With every visual aspect of a building rendered infinitely alterably, it is no understatement to say that AR heralds the complete abolition of architectural practice as we know it. So, where does this leave architects, if it leaves them anywhere at all? A clue, I think, lies in the social and political implications of this blurring of the physical and digital worlds, which we are already seeing play out.
In the era of “fake news” and increasingly polarised online communities, it has become abundantly obvious that what we see on Facebook, Twitter, even when we do a simple Google search, is far from an objective or unmediated view of the data, but a curated one, shaped in its entirety by algorithms. All the tech giants that depend on clicks and traffic have a vested interest in showing us only what we want to see, and in screening out what we don’t. And the more we use their platforms and click on what we like, the better that screening and selecting process becomes.
This is not just only showing us the particular brand of shoes we’re into, but news stories, factual articles and opinion pieces that correspond with and then, in turn, reinforce our pre-existing ideas and preferences. In time, this begins to alter our world view; we see only that which we already agree with, which we then uncritically assimilate, even if something it bears little or no relation to reality.
“Group think” is, of course, nothing new – architects are among the most frequent offenders – but now the mechanisms exist for ensuring that alternate views aren’t just ignored, they’re filtered out before we ever encounter them.
Currently, social media exists on a screen, separate from external reality, but what will ensue when it inevitably follows Pokémon Go and crosses over into AR? What will happen when the social-media echo chamber exists not just online, but in external physical reality, and the self-selecting and screening effects apply to our everyday existence – affecting not just ideas and opinions we receive, but places we visit and people we see?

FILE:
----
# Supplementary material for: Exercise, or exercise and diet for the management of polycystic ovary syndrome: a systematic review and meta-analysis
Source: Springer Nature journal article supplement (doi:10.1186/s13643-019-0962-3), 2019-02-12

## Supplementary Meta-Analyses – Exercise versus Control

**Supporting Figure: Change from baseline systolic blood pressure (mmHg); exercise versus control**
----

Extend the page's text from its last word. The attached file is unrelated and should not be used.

Perhaps while chasing the Pikachu down that London street, I saw several people sleeping rough. What will it do to my views on welfare provision, on taxation, on the type of society I want to live in, if the algorithms that shape my AR decide (without my explicit knowledge) that maybe I’d prefer not to see the homeless, or the poor or people of different races? The implications of AR are not just troubling, but downright dystopian.
The implications of AR are not just troubling, but downright dystopian
The fragmentation of the public sphere that we’re already experiencing is just the beginning. AR threatens its complete and irrevocable shattering, taking us to a world where our views, ideas and opinions have been wholly privatised and are constantly served back to us in a never-ending cycle of regurgitation.
But this doesn’t have to be inevitable. Technology can be moulded to benefit everyone, and rather than facing professional oblivion as most of their traditional tasks are all but subsumed by AR, architects might actually take the lead in doing so.
Architecture is fundamentally an optimistic pursuit. We build in order to create a better world. Some buildings inevitably contribute more than others. But even the most cynically conceived project contributes in some way to the public sphere and has some element of human progress inherent in it.
The task for architects over the next few decades is to seize the optimism inherent in their discipline and harness it to stop the otherwise inexorable march towards a world of ever-increasing extremes. In a world where everyone is trapped in their own AR, it’s up to architects to set them free.